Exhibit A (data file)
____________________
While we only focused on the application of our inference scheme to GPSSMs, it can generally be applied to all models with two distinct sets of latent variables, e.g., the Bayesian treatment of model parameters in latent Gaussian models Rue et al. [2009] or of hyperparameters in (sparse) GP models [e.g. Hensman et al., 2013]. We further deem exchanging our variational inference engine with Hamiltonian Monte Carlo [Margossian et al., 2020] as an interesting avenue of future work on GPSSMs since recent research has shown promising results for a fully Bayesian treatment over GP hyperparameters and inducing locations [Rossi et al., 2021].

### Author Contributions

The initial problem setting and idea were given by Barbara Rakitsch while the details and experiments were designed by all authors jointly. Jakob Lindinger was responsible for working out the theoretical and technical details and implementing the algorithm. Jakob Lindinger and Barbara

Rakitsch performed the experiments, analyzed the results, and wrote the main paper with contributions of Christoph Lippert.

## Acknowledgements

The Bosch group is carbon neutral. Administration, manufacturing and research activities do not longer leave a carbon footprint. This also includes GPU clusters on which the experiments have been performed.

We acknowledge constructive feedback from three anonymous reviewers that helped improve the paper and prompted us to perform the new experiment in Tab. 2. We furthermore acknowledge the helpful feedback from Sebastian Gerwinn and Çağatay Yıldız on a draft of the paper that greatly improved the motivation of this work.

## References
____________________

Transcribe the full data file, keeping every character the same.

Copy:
While we only focused on the application of our inference scheme to GPSSMs, it can generally be applied to all models with two distinct sets of latent variables, e.g., the Bayesian treatment of model parameters in latent Gaussian models Rue et al. [2009] or of hyperparameters in (sparse) GP models [e.g. Hensman et al., 2013]. We further deem exchanging our variational inference engine with Hamiltonian Monte Carlo [Margossian et al., 2020] as an interesting avenue of future work on GPSSMs since recent research has shown promising results for a fully Bayesian treatment over GP hyperparameters and inducing locations [Rossi et al., 2021].

### Author Contributions

The initial problem setting and idea were given by Barbara Rakitsch while the details and experiments were designed by all authors jointly. Jakob Lindinger was responsible for working out the theoretical and technical details and implementing the algorithm. Jakob Lindinger and Barbara

Rakitsch performed the experiments, analyzed the results, and wrote the main paper with contributions of Christoph Lippert.

## Acknowledgements

The Bosch group is carbon neutral. Administration, manufacturing and research activities do not longer leave a carbon footprint. This also includes GPU clusters on which the experiments have been performed.

We acknowledge constructive feedback from three anonymous reviewers that helped improve the paper and prompted us to perform the new experiment in Tab. 2. We furthermore acknowledge the helpful feedback from Sebastian Gerwinn and Çağatay Yıldız on a draft of the paper that greatly improved the motivation of this work.

## References